Archetypes denote certain general roles or functions for characters within the system of the story. There is ample room for variation within each role or function. Boundaries between one archetype and another may be fuzzy. And it is possible for one character to stand for more than one archetype.
Archetypes Through The Ages
More than any other part of a story, the beginning has to grab the audience’ or reader’s attention.
In the beginning, before audience or readers are emotionally involved and concerned about the fates of the characters, the danger of them turning away from the story is greatest.
Now, there’s more to a beginning than the kick-off event. While being an attention grabber, the entire first section of a story also has to establish the following:
- Who the story is about
- What the story is about
- Where the story takes place
That sounds self-evident, but all the elements needed to answer those three points amount to an awful lot of information. And at this stage, the audience or readers are not yet patient or forgiving, because they are not yet emotionally hooked.
In this post we will:
- look at the who/what/where
- determine the two key events that the first section of a story must include
- provide a checklist of all the elements the first part of a story requires
Stories are about people. Even the ones about robots, or rabbits, or whatever.
If you’re thinking about composing a story, you will probably have some characters in mind that will be performing the action of the story. In stories, action and actors (in the sense of someone who does something) are pretty much the same thing looked at from two differing perspectives, as we have noted in our post Plot vs. Character.
The most obvious difference between characters in stories and people in real life is that story characters tend to be driven. Narratives tend to be more compelling when the characters they describe are highly motivated. Rarely in life are our wants, goals, and perceived needs as clear and powerful as for characters in stories. Our real lives tend to drift rather than head in a specific direction; it is often in retrospect that we ascribe direction when we try to understand our lives by putting them into narratives. Historical personages who seem to demonstrate drive and direction (and have perhaps become historical personages because they had these qualities) make for more interesting biographies than people whose motivations were less strong.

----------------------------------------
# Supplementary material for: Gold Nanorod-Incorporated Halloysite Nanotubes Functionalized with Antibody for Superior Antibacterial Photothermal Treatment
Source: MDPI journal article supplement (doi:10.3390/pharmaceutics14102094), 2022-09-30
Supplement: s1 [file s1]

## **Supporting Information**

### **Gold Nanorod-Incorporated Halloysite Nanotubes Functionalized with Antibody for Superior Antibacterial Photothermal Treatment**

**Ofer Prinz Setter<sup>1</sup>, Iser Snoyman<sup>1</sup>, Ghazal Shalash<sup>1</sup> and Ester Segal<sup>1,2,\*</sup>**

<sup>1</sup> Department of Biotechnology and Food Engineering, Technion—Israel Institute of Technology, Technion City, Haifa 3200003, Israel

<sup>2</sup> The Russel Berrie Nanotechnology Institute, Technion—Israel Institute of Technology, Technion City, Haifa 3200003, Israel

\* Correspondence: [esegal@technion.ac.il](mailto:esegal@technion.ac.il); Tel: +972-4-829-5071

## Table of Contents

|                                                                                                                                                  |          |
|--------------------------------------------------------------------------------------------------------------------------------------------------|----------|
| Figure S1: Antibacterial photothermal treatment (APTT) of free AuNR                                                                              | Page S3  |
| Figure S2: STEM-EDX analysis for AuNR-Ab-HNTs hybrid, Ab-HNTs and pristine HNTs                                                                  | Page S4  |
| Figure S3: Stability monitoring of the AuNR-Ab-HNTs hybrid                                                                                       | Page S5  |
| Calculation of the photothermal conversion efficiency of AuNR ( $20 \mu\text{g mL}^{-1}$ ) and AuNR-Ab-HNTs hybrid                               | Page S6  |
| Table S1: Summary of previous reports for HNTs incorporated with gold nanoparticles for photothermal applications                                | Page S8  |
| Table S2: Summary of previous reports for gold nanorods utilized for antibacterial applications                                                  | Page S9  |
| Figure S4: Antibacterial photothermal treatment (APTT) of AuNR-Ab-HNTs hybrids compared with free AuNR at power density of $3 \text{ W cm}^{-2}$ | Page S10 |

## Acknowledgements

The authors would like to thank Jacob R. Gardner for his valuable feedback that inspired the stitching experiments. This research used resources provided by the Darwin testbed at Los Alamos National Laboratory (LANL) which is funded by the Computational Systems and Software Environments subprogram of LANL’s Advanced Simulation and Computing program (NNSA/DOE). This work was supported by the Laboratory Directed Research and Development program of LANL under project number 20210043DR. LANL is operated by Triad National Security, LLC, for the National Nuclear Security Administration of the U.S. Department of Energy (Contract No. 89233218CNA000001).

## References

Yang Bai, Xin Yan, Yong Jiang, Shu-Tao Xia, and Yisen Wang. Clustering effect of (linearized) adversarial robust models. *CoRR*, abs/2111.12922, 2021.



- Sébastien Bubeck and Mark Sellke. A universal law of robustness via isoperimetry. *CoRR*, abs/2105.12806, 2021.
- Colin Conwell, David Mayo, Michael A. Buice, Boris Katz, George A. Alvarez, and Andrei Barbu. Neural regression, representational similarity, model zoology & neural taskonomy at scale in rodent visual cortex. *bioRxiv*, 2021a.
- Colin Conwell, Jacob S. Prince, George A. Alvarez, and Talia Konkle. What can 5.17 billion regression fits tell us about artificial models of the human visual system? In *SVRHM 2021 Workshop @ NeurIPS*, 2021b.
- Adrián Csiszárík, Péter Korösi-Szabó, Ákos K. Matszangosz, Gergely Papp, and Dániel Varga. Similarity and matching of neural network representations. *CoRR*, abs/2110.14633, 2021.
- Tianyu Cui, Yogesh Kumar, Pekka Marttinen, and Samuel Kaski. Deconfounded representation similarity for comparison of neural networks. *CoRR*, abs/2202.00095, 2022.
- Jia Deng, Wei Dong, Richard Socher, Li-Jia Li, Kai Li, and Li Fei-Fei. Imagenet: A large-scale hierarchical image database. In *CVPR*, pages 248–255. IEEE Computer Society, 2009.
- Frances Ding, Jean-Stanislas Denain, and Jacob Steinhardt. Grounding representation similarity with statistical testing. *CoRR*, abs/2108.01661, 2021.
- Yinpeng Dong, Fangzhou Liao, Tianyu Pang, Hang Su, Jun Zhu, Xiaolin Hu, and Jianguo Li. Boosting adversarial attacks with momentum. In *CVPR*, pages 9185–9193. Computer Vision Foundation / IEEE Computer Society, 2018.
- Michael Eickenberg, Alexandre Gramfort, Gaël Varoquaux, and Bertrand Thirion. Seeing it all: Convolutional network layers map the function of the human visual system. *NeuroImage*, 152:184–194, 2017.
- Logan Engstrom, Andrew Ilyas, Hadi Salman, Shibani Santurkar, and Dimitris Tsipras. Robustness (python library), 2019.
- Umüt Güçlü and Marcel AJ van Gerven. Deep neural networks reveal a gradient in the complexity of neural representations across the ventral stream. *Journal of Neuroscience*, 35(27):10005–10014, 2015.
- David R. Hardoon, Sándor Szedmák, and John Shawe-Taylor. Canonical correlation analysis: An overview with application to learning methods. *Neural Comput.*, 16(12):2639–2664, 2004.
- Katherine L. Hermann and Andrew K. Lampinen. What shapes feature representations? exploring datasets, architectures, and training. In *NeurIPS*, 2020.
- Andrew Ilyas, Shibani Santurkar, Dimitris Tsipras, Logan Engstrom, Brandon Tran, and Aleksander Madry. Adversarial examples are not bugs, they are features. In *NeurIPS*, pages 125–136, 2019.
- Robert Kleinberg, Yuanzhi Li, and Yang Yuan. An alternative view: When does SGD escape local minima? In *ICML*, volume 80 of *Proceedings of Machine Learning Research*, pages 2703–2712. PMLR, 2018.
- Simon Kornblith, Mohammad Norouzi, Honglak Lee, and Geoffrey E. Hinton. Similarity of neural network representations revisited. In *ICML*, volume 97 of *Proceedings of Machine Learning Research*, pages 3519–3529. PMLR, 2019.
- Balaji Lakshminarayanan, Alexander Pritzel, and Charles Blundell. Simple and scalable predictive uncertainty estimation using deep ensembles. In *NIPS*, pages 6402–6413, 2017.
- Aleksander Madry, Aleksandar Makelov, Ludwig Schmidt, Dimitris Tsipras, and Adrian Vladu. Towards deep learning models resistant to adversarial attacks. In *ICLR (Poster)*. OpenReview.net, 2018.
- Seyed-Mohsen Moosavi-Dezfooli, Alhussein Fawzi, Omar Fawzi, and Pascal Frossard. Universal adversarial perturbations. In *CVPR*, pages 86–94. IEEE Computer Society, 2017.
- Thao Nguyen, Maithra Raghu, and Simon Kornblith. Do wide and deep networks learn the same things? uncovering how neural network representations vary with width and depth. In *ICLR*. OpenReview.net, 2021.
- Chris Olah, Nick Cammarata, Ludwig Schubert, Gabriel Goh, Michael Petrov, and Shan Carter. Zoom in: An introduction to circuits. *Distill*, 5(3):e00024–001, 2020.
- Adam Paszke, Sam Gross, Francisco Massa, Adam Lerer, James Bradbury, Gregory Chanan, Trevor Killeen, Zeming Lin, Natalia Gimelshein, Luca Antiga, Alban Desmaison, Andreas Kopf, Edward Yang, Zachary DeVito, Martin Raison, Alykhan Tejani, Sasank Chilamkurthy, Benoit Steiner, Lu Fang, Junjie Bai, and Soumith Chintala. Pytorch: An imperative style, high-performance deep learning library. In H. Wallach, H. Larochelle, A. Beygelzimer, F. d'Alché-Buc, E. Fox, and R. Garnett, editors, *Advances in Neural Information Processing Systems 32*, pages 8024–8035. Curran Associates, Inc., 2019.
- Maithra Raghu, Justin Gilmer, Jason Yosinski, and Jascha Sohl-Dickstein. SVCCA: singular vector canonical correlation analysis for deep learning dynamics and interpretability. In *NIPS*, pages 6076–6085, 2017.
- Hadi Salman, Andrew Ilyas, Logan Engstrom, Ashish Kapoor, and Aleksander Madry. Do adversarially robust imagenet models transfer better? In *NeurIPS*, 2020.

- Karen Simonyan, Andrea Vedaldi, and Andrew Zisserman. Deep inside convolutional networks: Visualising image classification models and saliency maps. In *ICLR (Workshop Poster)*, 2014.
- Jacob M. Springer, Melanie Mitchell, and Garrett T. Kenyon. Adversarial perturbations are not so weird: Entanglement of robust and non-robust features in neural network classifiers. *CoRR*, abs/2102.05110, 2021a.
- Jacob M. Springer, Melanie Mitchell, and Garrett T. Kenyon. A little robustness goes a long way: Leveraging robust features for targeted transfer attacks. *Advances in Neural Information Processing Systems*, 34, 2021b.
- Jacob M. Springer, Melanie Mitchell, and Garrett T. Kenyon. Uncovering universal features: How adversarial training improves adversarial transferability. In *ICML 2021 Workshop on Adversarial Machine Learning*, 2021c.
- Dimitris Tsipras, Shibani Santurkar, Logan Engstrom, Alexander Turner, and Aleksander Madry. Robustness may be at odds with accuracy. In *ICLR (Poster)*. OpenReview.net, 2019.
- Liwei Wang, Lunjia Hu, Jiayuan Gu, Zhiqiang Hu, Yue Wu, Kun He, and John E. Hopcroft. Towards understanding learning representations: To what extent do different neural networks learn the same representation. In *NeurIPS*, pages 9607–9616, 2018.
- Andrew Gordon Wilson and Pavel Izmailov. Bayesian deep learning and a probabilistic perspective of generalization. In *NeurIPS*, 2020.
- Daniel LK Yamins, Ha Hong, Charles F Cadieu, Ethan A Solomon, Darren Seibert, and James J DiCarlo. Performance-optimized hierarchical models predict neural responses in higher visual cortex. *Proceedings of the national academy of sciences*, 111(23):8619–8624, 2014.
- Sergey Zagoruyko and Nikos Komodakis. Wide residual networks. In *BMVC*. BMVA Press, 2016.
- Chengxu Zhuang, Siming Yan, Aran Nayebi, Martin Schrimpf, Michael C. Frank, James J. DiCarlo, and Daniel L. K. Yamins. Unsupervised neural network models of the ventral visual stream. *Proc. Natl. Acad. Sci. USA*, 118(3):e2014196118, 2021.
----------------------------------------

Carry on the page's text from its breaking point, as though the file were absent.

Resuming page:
Another aspect that sets characters in fiction apart from people in life is that characters tend to fulfil narrative functions in their story. People, on the other hand, live their lives by acting naturally according to the dictates of their personality. A story is a more or less enclosed unity, while an individual’s life is part of a greater whole. Only in retrospect do we sometimes overlay a narrative onto the biography of an individual – because we tend to feel happier when we perceive structure or direction in the lives of others or indeed our own. We can extract more meaning out of a life that can be told with structure and direction. In fact, there is no way of recounting a person’s biography without making choices concerning structure. If we’re honest, even the choice of which events to relate and how to relate them injects a fair amount of fiction into the story of a life, especially when that life is our own as we tell it to others or ourselves.
Many stories focus primarily on one protagonist. In fiction at least, the protagonist is often wiser at the end of the story than at the beginning. The(more…)